The Mexican Peso (MXN) is the most traded currency among its Latin American peers. Its value is broadly determined by the performance of the Mexican economy, the country’s central bank’s policy, the amount of foreign investment in the country and even the levels of remittances sent by Mexicans who live abroad, particularly in the United States. Geopolitical trends can also move MXN: for example, the process of nearshoring – or the decision by some firms to relocate manufacturing capacity and supply chains closer to their home countries – is also seen as a catalyst for the Mexican currency as the country is considered a key manufacturing hub in the American continent. Another catalyst for MXN is Oil prices as Mexico is a key exporter of the commodity.

    The main objective of Mexico’s central bank, also known as Banxico, is to maintain inflation at low and stable levels (at or close to its target of 3%, the midpoint in a tolerance band of between 2% and 4%). To this end, the bank sets an appropriate level of interest rates. When inflation is too high, Banxico will attempt to tame it by raising interest rates, making it more expensive for households and businesses to borrow money, thus cooling demand and the overall economy. Higher interest rates are generally positive for the Mexican Peso (MXN) as they lead to higher yields, making the country a more attractive place for investors. On the contrary, lower interest rates tend to weaken MXN.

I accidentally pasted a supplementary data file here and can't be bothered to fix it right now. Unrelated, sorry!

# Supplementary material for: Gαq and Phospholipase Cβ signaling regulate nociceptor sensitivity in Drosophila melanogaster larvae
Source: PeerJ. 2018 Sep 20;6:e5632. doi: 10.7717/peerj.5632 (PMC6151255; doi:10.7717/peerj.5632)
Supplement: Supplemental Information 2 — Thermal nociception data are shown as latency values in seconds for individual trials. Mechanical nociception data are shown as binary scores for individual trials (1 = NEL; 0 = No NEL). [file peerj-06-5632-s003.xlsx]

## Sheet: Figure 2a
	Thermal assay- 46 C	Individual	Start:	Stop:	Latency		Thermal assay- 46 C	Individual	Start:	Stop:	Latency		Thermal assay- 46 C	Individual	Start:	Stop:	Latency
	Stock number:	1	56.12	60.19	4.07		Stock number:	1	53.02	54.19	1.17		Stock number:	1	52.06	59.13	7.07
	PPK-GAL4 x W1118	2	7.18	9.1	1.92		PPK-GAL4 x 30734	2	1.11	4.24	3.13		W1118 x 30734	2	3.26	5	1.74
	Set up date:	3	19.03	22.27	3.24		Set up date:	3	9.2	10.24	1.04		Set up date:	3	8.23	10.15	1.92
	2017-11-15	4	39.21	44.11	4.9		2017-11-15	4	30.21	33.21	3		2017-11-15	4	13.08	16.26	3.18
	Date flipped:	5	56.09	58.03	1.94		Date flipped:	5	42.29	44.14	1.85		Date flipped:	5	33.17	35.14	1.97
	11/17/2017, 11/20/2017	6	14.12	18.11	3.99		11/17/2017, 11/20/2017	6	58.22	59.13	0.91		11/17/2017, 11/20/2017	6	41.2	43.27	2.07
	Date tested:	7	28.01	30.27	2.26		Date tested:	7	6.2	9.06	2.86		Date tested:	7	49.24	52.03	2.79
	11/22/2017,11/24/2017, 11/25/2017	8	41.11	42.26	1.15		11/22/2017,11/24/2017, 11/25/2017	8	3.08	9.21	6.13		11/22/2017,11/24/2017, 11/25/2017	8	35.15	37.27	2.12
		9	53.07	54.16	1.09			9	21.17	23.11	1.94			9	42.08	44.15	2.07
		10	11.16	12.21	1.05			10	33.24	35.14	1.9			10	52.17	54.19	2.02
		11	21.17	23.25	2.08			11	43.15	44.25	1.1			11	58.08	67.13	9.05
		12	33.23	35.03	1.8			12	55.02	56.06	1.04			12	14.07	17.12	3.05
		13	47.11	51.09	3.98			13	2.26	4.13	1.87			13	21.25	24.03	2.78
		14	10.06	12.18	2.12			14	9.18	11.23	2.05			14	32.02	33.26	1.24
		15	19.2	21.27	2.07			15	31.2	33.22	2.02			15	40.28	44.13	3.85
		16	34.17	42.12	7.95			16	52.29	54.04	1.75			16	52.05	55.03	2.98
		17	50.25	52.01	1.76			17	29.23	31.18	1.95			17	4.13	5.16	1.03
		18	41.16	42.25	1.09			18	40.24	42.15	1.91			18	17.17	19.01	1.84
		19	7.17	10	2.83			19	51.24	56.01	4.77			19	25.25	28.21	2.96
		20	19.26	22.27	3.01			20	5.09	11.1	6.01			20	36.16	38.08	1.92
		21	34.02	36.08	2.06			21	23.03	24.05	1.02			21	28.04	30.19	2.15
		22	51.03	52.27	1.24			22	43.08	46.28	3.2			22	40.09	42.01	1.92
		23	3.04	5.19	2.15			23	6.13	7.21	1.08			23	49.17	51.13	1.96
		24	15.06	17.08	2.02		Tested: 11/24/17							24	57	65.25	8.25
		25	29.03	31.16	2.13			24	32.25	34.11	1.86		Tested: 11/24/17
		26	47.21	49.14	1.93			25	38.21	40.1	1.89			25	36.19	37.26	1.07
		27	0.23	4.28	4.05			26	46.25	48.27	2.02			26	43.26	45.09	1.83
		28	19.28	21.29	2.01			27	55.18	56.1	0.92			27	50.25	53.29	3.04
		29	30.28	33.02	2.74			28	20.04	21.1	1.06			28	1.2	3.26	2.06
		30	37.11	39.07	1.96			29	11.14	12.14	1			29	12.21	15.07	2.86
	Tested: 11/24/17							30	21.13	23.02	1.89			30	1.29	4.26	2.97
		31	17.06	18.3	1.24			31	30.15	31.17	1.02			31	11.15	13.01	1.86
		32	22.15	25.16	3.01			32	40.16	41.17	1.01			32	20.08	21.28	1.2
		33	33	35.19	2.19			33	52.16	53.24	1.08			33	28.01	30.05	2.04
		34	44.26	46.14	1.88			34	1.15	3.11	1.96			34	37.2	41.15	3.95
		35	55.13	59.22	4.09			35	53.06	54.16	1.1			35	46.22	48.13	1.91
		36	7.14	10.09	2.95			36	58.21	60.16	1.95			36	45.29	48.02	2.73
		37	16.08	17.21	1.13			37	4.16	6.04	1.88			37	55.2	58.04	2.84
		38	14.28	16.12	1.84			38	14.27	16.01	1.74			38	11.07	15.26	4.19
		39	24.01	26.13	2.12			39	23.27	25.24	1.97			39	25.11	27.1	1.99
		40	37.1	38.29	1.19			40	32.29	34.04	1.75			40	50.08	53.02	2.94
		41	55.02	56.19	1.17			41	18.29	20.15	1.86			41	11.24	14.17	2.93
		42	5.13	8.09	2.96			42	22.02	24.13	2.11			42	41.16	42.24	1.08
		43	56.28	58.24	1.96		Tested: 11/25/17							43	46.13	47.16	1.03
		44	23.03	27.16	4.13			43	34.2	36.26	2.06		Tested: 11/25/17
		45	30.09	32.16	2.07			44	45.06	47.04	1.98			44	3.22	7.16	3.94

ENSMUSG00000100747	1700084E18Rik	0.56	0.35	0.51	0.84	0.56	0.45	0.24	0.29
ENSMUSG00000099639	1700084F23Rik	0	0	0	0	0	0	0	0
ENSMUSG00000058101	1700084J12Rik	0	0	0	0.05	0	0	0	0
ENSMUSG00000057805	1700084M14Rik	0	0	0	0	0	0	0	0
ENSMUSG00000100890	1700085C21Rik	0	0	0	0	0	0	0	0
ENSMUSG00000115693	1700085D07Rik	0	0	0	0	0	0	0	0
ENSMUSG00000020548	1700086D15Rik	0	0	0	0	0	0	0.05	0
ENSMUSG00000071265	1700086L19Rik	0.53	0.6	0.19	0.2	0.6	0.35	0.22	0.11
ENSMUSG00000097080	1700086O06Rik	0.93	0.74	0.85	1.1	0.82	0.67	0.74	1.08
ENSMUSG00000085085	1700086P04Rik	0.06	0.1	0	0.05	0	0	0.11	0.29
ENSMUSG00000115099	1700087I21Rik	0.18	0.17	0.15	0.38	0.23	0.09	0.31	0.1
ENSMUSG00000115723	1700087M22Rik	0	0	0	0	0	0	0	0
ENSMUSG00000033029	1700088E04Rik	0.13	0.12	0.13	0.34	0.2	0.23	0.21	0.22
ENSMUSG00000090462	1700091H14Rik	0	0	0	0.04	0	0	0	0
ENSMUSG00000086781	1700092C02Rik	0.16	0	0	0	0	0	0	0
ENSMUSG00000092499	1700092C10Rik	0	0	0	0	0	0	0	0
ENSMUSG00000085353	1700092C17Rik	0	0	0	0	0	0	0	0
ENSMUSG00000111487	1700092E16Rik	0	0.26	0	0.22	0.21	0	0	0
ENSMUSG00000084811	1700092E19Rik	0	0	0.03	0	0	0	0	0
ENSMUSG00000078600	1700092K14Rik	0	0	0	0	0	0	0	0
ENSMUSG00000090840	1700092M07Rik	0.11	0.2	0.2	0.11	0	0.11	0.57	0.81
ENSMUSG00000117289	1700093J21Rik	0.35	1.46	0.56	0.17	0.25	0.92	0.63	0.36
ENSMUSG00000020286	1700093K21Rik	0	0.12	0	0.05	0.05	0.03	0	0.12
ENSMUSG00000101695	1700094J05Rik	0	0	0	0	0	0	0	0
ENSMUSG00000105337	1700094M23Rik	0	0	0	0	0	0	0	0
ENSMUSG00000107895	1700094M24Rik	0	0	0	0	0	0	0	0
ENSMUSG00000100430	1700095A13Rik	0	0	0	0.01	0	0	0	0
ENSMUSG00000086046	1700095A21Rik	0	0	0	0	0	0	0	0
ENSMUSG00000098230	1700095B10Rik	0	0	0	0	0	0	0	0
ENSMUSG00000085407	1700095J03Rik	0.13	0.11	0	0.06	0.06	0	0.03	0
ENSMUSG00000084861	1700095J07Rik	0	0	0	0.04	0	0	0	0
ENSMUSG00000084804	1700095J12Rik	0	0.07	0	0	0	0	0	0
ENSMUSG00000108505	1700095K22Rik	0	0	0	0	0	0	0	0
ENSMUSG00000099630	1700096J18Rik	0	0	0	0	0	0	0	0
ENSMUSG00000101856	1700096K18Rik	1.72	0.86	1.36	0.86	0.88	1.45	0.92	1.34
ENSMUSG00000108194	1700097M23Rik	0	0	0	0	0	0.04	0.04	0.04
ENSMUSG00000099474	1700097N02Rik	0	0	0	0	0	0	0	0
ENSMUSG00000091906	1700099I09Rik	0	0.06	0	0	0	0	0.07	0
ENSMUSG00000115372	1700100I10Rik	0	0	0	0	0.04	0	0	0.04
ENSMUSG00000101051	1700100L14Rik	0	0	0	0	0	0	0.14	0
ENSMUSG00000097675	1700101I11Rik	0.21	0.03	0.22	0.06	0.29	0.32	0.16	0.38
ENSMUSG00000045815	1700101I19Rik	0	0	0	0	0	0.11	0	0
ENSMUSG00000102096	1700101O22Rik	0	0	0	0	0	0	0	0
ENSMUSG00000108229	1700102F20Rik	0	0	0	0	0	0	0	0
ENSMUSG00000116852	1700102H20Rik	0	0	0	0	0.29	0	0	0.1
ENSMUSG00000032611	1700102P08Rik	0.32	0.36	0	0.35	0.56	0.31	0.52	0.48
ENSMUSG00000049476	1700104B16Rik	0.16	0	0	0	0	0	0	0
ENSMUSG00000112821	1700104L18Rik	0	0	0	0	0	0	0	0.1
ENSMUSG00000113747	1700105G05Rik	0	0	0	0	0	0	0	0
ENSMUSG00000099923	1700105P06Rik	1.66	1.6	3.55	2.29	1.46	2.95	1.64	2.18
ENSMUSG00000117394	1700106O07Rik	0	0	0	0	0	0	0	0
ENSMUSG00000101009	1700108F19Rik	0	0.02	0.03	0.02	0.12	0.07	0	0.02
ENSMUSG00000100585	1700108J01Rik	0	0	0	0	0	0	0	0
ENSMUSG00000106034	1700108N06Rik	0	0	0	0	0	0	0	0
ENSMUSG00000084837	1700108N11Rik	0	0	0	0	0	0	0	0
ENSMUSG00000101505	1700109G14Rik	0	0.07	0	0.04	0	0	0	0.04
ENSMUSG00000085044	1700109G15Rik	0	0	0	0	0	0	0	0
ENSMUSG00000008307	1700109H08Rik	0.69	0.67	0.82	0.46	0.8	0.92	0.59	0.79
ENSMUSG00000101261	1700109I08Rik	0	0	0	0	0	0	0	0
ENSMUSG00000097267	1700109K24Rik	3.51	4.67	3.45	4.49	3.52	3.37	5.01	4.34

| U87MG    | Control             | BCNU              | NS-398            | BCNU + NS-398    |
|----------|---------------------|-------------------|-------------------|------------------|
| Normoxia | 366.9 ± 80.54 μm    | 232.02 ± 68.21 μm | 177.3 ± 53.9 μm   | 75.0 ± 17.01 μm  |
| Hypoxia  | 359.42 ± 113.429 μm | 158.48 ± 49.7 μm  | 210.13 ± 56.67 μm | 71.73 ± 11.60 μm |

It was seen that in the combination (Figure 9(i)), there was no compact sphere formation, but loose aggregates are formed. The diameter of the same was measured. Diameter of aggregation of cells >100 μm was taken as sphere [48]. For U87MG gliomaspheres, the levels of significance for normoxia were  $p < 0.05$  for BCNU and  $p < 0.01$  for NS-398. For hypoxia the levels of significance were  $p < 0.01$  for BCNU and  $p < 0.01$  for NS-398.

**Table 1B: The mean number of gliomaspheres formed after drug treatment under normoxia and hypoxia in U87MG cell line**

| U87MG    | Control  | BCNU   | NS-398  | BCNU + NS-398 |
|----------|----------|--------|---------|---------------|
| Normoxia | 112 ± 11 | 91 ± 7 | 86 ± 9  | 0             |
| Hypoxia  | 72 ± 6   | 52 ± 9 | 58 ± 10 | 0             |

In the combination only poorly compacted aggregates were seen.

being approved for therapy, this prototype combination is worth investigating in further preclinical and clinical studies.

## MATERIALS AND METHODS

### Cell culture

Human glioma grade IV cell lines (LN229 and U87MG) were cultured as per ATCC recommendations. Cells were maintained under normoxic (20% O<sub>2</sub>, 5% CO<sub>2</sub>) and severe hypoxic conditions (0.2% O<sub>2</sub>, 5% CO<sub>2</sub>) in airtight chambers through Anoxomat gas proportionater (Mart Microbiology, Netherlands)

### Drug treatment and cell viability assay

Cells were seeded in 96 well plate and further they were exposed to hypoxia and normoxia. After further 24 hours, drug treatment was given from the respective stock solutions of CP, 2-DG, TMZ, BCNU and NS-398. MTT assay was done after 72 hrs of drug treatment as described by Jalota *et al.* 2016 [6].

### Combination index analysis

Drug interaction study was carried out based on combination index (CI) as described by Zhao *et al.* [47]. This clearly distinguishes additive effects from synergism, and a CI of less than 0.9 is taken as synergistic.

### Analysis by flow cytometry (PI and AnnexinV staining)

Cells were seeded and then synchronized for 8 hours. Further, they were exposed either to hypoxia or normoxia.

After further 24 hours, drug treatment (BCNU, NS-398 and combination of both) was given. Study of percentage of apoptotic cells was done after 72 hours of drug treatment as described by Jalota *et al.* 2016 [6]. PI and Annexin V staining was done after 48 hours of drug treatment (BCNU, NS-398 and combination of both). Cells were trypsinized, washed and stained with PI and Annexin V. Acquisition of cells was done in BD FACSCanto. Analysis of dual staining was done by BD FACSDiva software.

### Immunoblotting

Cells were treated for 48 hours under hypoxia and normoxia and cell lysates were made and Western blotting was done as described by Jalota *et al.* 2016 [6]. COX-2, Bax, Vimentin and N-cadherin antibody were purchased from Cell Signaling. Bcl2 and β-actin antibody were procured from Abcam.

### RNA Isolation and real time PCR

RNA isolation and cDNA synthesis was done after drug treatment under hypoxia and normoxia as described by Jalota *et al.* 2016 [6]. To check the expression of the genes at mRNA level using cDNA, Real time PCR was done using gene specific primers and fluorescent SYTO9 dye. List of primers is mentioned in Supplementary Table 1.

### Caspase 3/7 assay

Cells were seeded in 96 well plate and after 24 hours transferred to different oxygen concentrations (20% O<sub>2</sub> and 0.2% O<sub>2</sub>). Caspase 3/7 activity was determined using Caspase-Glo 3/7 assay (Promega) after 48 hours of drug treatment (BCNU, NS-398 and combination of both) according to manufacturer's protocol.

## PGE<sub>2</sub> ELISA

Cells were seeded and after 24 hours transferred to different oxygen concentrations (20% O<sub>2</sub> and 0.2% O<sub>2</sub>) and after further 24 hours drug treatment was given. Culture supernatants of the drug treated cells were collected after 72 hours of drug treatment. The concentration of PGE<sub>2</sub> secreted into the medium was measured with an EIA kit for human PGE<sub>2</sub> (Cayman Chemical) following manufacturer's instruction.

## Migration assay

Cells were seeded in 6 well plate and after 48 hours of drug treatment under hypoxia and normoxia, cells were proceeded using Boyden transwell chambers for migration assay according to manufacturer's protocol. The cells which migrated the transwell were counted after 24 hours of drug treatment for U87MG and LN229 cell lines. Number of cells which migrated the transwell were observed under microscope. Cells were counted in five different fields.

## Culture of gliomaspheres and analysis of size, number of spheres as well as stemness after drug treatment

Macroeconomic data releases are key to assess the state of the economy and can have an impact on the Mexican Peso (MXN) valuation. A strong Mexican economy, based on high economic growth, low unemployment and high confidence is good for MXN. Not only does it attract more foreign investment but it may encourage the Bank of Mexico (Banxico) to increase interest rates, particularly if this strength comes together with elevated inflation. However, if economic data is weak, MXN is likely to depreciate.

    As an emerging-market currency, the Mexican Peso (MXN) tends to strive during risk-on periods, or when investors perceive that broader market risks are low and thus are eager to engage with investments that carry a higher risk. Conversely, MXN tends to weaken at times of market turbulence or economic uncertainty as investors tend to sell higher-risk assets and flee to the more-stable safe havens.

     

    Disclaimer: For information purposes only. Past performance is not indicative of future results.